To many in philosophy and across the academy today, “hermeneutics” thus stands for an experience of intelligibility that is characterized at once by humility and openness: humility, because every understanding is always conditioned by historicality, remaining always without methodological guarantee, ultimate foundation, completeness, or exactitude; and, in turn, openness, because every effort to understand may again bring into question anything that appears in familiar obviousness as well as any presumed final word. In view of this humility and openness, the experience of understanding resists every closure; we are called always to understand again and anew. In sum, the experience of understanding thus always calls for and takes shape in “conversation” that can itself never be brought to completion or conclusion.
How, though, are we to grasp the stakes of the call for such conversation now, in a historical moment that has become suspicious of much more than the ideals of European Enlightenment and their encroachment on the life-world? What do we make of the call for such conversation in a historical moment that has moreover become suspicious of the disastrous effects of the deployment of these ideals—not to mention the deployment of ideals of humanism and other European traditions—by Europeans in the period of European imperialism and colonialism? How are we to take the call for unending conversation in a historical moment that now reels from legacies of violence and subjugation that excluded innumerable multitudes from any and all conversation about their own fate, that continues to exclude from conversation too much of the memory of these legacies, and, moreover, that continues to exclude from conversation too many still today?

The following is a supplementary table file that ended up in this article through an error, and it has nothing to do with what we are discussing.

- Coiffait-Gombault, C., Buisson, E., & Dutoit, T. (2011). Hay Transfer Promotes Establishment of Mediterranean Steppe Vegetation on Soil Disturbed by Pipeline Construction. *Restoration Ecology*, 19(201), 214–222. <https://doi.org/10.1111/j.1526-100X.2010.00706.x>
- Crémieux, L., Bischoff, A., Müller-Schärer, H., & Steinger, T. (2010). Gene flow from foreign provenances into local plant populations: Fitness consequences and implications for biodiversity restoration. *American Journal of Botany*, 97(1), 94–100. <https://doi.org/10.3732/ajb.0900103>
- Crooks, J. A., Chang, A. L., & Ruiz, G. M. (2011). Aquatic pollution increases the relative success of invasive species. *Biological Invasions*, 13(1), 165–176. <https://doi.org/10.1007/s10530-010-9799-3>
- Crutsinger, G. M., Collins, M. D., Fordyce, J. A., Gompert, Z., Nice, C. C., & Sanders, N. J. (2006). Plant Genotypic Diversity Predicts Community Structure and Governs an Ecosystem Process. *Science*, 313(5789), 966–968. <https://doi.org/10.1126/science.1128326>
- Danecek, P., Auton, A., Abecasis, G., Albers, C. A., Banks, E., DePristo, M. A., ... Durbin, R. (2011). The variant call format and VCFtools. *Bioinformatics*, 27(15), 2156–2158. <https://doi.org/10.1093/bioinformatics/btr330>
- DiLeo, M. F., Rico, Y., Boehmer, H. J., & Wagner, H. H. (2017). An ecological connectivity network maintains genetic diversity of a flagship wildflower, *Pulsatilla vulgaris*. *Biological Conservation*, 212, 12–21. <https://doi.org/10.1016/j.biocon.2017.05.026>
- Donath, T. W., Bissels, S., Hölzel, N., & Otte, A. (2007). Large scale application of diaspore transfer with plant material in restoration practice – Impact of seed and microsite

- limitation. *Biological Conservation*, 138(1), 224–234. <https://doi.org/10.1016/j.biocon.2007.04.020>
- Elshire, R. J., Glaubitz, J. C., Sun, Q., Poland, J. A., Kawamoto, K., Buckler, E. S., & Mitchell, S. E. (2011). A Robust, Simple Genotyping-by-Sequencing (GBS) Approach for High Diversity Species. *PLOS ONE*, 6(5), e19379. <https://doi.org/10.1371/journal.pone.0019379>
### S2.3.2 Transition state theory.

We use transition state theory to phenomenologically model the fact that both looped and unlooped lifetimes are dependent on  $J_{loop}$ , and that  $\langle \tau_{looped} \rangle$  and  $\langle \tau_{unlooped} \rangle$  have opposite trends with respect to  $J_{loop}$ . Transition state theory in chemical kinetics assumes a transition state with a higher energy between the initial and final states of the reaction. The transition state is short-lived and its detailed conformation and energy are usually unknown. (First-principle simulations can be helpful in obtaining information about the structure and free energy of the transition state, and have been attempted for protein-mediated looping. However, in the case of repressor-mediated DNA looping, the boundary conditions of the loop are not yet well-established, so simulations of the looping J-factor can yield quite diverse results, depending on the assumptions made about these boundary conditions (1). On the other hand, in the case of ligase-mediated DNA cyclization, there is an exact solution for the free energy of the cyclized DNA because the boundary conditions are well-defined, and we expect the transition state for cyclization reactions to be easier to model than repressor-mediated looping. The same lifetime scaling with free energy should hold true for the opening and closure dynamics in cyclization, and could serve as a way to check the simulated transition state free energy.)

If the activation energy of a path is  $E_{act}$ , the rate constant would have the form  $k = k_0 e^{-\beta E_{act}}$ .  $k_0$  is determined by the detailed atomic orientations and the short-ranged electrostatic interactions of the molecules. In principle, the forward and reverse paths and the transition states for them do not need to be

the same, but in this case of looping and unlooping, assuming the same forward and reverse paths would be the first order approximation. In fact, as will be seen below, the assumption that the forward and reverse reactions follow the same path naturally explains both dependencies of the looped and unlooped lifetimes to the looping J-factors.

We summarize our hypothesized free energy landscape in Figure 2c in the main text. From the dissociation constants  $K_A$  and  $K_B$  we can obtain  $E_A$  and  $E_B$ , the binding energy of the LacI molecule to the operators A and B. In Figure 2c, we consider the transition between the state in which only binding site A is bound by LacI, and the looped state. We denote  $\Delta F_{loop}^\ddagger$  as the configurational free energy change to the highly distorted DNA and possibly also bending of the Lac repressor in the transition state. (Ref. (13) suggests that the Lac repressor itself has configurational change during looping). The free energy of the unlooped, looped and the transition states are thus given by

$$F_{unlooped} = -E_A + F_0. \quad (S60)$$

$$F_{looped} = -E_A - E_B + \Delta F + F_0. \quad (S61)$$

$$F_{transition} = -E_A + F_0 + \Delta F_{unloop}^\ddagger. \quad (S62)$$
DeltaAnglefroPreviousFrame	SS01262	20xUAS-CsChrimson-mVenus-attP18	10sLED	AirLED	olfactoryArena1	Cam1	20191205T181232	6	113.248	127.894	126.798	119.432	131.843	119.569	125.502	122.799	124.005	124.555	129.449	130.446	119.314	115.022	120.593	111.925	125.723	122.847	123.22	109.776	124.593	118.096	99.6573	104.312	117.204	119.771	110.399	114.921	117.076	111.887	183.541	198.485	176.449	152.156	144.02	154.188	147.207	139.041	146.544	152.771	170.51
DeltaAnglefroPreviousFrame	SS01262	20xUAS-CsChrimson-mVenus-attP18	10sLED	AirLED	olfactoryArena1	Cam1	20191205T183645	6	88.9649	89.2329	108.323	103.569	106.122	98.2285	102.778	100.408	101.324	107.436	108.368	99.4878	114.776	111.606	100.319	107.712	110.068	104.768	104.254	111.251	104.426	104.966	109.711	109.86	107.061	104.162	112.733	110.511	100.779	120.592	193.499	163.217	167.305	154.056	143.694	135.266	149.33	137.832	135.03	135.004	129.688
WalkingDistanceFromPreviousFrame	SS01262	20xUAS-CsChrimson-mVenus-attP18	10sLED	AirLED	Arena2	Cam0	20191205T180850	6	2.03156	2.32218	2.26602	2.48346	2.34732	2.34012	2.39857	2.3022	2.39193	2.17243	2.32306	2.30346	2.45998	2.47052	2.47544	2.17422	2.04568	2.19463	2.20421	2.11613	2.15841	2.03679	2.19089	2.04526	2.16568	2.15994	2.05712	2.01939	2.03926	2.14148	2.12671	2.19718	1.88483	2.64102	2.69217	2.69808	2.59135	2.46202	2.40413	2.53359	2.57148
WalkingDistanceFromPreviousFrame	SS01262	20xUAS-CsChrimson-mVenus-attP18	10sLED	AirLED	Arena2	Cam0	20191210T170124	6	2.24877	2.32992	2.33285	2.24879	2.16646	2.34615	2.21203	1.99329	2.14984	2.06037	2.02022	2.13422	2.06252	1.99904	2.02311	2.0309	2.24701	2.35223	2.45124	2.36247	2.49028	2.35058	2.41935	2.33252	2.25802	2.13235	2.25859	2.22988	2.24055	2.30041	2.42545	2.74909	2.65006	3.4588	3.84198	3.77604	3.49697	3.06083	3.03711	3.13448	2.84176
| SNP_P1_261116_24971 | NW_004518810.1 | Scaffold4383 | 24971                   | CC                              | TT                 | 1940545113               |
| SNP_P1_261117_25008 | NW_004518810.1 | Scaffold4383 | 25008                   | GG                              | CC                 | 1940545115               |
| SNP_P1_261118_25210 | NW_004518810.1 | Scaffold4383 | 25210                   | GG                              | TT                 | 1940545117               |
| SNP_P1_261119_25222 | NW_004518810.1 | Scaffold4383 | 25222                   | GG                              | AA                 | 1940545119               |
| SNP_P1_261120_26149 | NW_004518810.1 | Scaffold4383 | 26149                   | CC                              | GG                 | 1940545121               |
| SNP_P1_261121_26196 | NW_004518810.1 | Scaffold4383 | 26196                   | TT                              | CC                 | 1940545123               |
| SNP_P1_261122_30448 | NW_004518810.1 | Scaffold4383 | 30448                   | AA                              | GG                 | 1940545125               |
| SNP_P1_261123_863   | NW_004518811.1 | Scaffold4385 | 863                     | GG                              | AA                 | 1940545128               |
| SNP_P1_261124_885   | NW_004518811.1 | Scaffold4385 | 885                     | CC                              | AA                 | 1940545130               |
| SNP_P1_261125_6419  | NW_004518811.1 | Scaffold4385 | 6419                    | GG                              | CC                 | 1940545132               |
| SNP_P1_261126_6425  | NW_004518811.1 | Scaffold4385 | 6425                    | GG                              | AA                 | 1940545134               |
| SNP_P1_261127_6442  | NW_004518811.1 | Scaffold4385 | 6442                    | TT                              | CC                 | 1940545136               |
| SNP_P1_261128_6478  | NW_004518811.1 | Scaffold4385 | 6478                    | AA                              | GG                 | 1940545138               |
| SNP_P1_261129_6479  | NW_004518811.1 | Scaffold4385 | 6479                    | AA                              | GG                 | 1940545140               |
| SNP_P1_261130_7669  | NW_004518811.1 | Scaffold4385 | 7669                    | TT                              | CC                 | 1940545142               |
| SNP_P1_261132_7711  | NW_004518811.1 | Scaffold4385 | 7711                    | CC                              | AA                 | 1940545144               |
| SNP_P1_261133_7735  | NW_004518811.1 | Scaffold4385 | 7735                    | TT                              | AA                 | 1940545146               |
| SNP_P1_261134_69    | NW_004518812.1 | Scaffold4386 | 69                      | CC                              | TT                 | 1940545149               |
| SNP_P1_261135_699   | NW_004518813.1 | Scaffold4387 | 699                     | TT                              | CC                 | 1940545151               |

Given the celebrated reputation of hermeneutics for humility and openness, the response to this line of questions found within hermeneutics raises the specter of a philosophical embarrassment. The concern that hermeneutics may be implicated in such an embarrassment may be discerned from two references to conversation made, one each, by two of the figures of the twentieth century most associated with hermeneutics, Heidegger and Gadamer. Together, these references not only indicate that conversation is definitive of our shared lives together; more than this, and more to the issue, these references indicate that conversation is always predicated on and made possible by a certain prior accord.
Heidegger. Heidegger’s reference to conversation appears in “Hölderlin and the Essence of Poetry” in his treatment of a line from an untitled poem by Hölderlin, which reads, “Since we have been a conversation….” Heidegger writes: